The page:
South Korea’s army said its special operation troops wrapped up a 10-day training with U.S. Green Berets on Friday in a region near the country’s capital, Seoul, in the allies’ latest combined military exercises. The countries in past months had staged larger drills, including trilateral exercises involving Japan.

Kim Jong Un also called for naval might on Sunday while inspecting a test of a new nuclear-capable cruise missile, the Pulhwasal-3-31, designed to be fired from submarines. The North also last month conducted tests of a long-range cruise missile, which it has described as nuclear-capable and can cover ranges of up to 2,000 kilometers (1,240 miles), which would potentially put U.S. military bases in Japan within reach.

While North Korea has demonstrated quick progress in expanding its lineup of land-based nuclear-capable missiles, experts say Kim’s naval ambitions may require significant more time, resources and technology breakthroughs. Most of its aging, diesel-powered submarines can launch only torpedoes and mines, and experts say Kim’s stated pursuit of nuclear-propelled submarines is largely unfeasible without significant external assistance.

North Korean military scientists and engineers in recent months have been making progress on Kim’s 2021 list of goals, testing for the first time last year a solid-fuel intercontinental ballistic missile, named Hwasong-18, which added to the North’s arsenal of weapons targeting the U.S. mainland.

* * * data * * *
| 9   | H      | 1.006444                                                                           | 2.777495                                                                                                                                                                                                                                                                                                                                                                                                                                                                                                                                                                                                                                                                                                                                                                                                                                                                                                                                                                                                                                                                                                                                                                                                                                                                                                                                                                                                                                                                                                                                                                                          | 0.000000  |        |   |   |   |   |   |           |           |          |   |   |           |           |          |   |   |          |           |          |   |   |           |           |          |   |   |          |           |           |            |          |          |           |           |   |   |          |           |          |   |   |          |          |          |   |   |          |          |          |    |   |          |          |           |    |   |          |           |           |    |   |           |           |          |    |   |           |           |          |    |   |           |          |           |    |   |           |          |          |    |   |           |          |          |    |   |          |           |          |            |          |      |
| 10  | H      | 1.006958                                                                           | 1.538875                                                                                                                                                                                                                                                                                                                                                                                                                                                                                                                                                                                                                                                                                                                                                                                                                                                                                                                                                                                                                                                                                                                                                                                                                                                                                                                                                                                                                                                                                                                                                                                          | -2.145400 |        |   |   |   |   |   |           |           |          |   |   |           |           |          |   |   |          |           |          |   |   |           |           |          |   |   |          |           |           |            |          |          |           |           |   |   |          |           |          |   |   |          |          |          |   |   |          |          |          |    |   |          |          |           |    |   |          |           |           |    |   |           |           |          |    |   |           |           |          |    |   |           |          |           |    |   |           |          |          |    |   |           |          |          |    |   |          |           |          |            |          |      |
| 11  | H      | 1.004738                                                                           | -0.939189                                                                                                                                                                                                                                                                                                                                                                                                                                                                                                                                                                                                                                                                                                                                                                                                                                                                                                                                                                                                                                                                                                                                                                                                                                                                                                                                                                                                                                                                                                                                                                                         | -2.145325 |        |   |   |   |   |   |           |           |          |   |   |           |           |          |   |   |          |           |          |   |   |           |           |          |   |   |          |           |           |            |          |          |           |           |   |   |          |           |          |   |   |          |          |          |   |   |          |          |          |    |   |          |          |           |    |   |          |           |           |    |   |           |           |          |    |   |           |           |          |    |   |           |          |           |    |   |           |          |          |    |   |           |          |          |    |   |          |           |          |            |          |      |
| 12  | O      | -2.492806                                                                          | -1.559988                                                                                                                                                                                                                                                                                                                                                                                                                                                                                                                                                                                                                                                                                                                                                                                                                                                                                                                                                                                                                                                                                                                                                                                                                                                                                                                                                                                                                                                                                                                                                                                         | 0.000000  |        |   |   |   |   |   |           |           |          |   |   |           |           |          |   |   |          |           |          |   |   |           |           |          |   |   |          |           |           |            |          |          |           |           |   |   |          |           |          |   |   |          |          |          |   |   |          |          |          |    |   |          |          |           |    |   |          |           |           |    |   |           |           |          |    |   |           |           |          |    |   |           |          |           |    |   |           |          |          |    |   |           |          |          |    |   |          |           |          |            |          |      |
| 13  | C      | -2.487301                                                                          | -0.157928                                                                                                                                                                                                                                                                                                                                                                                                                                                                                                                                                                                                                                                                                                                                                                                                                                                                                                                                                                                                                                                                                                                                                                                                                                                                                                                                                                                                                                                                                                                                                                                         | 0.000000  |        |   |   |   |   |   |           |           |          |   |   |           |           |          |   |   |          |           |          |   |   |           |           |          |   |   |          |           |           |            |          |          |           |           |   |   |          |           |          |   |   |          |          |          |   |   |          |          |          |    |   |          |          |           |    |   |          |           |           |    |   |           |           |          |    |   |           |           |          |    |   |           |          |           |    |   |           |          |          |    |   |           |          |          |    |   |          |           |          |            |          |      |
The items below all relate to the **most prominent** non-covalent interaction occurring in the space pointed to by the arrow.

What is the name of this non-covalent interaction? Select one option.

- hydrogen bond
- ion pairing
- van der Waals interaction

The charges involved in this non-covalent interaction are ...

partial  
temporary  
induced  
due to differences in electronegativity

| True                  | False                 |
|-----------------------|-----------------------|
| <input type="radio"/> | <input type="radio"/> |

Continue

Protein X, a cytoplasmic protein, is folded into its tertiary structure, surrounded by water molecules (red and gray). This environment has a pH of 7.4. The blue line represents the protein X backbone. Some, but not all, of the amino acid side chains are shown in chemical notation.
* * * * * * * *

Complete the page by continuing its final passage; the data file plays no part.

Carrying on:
The North on Jan. 14 also tested a new solid-fuel intermediate-range missile, which underscored its efforts to advance its weapons that could target U.S. assets in the Pacific, including the military hub of Guam.

The North also plans to launch three more military spy satellites in 2024 after sending its first one into orbit in November, as Kim has described space-based reconnaissance as crucial for monitoring U.S. and South Korean military activities and enhancing the threat of his nuclear-capable missiles.

Tensions on the Korean Peninsula are at their highest point in years, after Kim accelerated his weapons development to an unprecedented pace while issuing provocative nuclear threats against the United States, South Korea and Japan. The United States and its Asian allies in response have strengthened their combined military exercises and updated their deterrence strategies.

There are concerns that Kim, emboldened by the steady advancement of his nuclear arsenal and strengthened ties with Russia, would further ramp up pressure against his rivals in an election year in the United States and South Korea. Experts say Kim’s long-term goal is to force the United States to accept the idea of the North as a nuclear power and negotiate security concessions and sanctions relief from a position of strength.

While most analysts downplay Kim’s threats of war, some say there’s a possibility that he can attempt a direct military provocation he can likely contain without letting it escalate into a full-blown conflict. One of the potential crisis points is the disputed western sea boundary between the Koreas, which had been the site of several bloody naval skirmishes in past years.